Forever Falling

The Grand Duchess Charlotte Bridge leads over the valley Pfaffenthal and connects the city centre of the capital to the main economic hotspot of the country on Kirchberg – seat of European Union institutions such as the European Court of Justice and core of Luxembourg’s financial sector. Nowadays, the giant arch is mostly known by the name Red Bridge because of its characteristic colour.

Since its inauguration in 1966, the Red Bridge has slowly developed a macabre history as many citizens committed suicide by jumping from the bridge into the depths of the Pfaffenthal. Between 1966 and 1992, officials counted around 100 suicides, which corresponds to 1 suicide every 3 months for 26 years. During the early years of its existence, the shocking discoveries of human remains by the inhabitants of the valley led to the placing of street signs to raise awareness for the possibility of disturbing findings.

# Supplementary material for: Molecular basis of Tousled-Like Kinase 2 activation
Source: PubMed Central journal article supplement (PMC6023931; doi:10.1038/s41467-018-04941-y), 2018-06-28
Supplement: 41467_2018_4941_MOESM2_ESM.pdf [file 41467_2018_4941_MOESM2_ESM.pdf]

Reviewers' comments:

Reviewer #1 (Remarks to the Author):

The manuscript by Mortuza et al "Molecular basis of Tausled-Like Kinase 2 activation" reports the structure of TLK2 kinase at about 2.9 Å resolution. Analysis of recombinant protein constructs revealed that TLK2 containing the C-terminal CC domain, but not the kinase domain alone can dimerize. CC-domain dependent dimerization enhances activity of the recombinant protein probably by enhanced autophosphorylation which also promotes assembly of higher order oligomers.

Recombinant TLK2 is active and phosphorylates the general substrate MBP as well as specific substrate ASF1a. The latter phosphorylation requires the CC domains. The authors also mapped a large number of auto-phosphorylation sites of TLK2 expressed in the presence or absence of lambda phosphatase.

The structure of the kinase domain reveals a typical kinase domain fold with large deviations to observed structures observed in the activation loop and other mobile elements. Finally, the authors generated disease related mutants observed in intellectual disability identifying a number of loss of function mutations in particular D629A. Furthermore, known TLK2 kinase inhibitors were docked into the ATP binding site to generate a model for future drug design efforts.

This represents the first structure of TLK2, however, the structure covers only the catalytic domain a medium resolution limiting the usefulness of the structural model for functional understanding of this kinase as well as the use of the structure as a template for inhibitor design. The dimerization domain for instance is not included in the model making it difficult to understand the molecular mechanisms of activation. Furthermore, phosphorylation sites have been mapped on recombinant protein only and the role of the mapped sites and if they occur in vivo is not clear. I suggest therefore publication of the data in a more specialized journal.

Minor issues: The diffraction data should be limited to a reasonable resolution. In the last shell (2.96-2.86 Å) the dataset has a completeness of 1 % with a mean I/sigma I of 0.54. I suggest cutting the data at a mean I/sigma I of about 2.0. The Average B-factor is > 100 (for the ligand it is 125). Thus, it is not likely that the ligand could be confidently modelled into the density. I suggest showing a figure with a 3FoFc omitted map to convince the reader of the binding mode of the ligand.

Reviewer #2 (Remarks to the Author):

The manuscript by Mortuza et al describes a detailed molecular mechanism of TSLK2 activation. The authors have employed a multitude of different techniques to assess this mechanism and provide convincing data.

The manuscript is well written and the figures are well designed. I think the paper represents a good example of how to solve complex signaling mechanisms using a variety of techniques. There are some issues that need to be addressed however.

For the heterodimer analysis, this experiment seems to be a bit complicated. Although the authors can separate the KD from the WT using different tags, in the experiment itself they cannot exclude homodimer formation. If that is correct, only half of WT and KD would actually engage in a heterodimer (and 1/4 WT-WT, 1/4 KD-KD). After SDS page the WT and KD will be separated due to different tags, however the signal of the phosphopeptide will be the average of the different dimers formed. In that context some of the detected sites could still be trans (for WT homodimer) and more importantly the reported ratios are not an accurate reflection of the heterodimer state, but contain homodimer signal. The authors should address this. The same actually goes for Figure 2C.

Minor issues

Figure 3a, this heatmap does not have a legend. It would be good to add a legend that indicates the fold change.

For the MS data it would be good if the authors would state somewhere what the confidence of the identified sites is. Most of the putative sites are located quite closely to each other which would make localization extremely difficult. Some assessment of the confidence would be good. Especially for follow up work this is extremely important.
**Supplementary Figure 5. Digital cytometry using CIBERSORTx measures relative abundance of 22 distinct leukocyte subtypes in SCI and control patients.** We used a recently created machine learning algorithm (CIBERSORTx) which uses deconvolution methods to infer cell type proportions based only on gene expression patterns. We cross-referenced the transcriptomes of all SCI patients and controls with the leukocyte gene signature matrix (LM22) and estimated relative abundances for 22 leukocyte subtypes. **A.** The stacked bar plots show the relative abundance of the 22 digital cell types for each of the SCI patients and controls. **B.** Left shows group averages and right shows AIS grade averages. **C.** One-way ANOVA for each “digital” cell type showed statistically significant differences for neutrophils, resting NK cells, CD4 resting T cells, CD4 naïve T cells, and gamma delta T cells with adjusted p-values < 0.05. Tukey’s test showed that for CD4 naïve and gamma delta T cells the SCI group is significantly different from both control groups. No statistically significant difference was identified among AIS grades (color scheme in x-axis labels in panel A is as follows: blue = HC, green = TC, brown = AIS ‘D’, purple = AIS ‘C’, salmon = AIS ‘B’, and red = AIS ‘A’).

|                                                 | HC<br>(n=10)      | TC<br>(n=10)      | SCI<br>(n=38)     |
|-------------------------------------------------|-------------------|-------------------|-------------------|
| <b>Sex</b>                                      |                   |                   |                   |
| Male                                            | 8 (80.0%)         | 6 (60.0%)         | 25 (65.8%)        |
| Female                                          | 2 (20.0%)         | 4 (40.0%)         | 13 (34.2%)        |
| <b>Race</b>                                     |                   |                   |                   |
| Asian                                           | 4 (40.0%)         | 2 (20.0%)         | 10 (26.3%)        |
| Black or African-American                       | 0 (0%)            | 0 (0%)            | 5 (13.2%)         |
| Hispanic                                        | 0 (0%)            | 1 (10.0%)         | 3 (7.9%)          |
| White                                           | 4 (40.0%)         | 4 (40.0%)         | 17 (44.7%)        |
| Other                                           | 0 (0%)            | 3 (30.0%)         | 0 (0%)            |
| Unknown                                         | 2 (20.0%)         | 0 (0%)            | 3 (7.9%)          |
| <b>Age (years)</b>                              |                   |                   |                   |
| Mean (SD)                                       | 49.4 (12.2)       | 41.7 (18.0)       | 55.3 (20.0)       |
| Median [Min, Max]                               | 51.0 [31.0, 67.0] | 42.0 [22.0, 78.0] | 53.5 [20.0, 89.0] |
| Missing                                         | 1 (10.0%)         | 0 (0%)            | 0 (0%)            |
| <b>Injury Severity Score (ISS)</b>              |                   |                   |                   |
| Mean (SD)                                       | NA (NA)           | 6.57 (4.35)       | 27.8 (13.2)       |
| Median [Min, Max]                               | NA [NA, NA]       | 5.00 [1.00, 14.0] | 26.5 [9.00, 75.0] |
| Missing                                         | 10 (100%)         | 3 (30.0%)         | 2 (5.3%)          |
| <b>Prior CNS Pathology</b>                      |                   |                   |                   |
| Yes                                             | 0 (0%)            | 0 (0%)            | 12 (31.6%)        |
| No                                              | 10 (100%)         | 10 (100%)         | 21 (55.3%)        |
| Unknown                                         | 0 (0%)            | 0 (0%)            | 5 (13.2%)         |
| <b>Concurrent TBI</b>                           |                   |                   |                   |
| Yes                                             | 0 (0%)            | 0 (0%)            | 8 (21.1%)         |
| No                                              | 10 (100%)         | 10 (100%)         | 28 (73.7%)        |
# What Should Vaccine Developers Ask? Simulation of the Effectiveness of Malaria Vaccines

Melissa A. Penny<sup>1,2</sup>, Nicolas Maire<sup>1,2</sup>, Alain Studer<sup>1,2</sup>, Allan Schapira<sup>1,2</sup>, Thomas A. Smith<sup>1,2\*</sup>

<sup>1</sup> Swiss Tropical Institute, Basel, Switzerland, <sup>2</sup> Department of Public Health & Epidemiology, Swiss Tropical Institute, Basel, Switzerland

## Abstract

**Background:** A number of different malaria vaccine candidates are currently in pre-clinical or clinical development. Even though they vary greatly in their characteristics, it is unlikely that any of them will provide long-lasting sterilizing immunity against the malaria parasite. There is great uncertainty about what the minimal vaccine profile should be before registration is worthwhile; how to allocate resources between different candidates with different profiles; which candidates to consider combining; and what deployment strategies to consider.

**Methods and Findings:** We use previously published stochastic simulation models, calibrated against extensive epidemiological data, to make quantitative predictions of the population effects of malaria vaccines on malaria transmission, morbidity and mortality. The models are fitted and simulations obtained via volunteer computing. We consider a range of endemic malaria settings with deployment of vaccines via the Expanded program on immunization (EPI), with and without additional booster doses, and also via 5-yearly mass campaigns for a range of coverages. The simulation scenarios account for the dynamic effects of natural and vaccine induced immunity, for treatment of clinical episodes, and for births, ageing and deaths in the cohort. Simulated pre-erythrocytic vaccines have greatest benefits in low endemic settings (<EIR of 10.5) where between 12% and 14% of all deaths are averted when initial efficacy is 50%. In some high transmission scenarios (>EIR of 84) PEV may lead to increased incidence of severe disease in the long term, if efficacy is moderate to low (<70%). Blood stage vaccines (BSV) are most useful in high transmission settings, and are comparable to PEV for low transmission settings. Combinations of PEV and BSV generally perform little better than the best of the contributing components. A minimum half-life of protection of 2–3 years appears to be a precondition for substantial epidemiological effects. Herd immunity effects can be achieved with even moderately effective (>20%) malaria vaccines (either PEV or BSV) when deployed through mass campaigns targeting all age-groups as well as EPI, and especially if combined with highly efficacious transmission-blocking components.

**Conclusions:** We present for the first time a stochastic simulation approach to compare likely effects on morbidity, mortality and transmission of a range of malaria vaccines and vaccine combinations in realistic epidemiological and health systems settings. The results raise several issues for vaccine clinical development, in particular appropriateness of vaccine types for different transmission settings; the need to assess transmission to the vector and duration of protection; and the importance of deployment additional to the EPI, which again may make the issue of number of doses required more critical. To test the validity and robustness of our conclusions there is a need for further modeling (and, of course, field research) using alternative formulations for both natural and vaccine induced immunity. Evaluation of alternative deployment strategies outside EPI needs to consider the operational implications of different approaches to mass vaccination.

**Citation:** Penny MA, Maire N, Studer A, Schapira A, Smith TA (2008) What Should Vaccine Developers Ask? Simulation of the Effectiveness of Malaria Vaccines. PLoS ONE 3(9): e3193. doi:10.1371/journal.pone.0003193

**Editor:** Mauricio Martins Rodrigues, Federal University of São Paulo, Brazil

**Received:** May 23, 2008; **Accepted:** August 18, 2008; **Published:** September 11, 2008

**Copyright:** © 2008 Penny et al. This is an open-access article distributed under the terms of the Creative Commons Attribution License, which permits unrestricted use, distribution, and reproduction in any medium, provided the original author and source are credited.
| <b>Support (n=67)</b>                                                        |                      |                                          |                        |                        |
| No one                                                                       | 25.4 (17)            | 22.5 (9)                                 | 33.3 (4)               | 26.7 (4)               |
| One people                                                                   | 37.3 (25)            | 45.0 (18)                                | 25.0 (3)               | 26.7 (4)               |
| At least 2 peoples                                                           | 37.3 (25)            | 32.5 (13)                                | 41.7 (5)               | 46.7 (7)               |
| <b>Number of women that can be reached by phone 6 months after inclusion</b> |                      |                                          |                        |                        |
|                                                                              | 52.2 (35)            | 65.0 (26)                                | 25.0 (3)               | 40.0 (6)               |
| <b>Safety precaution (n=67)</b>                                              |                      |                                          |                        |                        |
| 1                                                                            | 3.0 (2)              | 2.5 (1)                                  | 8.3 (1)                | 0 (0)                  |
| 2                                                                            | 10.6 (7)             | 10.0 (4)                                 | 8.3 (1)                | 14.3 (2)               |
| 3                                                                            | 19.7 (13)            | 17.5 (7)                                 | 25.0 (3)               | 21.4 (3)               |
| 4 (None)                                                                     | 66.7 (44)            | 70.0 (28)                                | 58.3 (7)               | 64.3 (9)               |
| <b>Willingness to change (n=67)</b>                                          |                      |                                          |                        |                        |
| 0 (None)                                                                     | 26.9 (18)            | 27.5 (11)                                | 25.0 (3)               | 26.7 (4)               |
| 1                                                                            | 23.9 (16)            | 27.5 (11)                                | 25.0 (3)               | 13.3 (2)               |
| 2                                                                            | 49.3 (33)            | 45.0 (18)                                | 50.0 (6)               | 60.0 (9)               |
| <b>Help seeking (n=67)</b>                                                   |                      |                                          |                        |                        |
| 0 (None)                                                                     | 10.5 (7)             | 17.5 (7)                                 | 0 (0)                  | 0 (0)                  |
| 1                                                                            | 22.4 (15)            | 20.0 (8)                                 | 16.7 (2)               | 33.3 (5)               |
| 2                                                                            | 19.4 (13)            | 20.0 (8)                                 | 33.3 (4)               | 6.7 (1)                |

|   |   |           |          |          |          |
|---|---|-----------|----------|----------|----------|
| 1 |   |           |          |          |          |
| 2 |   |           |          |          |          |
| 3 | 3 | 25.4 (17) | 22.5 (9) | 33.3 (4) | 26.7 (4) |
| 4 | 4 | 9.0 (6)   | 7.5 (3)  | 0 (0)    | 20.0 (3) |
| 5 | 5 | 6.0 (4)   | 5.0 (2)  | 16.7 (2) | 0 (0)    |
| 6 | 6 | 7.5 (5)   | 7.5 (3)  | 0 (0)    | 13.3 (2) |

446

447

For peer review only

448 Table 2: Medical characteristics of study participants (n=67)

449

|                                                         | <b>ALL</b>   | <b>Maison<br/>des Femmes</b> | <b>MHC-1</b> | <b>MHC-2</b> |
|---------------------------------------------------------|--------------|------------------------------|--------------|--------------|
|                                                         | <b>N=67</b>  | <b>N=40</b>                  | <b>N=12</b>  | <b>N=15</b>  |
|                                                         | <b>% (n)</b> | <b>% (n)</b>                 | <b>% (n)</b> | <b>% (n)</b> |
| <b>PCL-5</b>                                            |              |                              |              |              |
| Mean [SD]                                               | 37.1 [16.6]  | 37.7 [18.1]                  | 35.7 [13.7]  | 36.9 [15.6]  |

View of the Grand Duchesse Charlotte Bridge, the so-called Red Bridge, from the Pfaffenthal Lift

To raise awareness on this neglected problem, the Luxembourgish film director Geneviève Mersch followed families that lived under the Red Bridge during their daily life and interviewed them on the sinister discoveries which they had made in their gardens. The resulting documentary Le Pont Rouge, published in 1991, was shown at multiple international festivals as well as in American cinemas and gained worldwide attention.

One year after the release of the short film, the Luxembourgish government decided to create security barriers consisting of acrylic glass on the Bridge to prevent further suicides, which were upgraded in 2017 to the height of 2.70 metres to prevent further suicides. Nevertheless, suicide attempts did not stop there and their anticipation remains an important topic.

Studies of the Ministry of Health officially counted 1,102 suicides in Luxembourg between 2000 and 2014 and jumping remains the second most used suicide method by Luxembourgish citizens. The analysis of the statistics of the ministry show that men between the age of 30 and 55 are especially at risk of committing suicide. In its continuous fight against this important issue, the Luxembourgish Government organised several prevention and anti-suicide strategies as well as information campaigns to raise awareness of this topic that is often intentionally ignored by modern societies.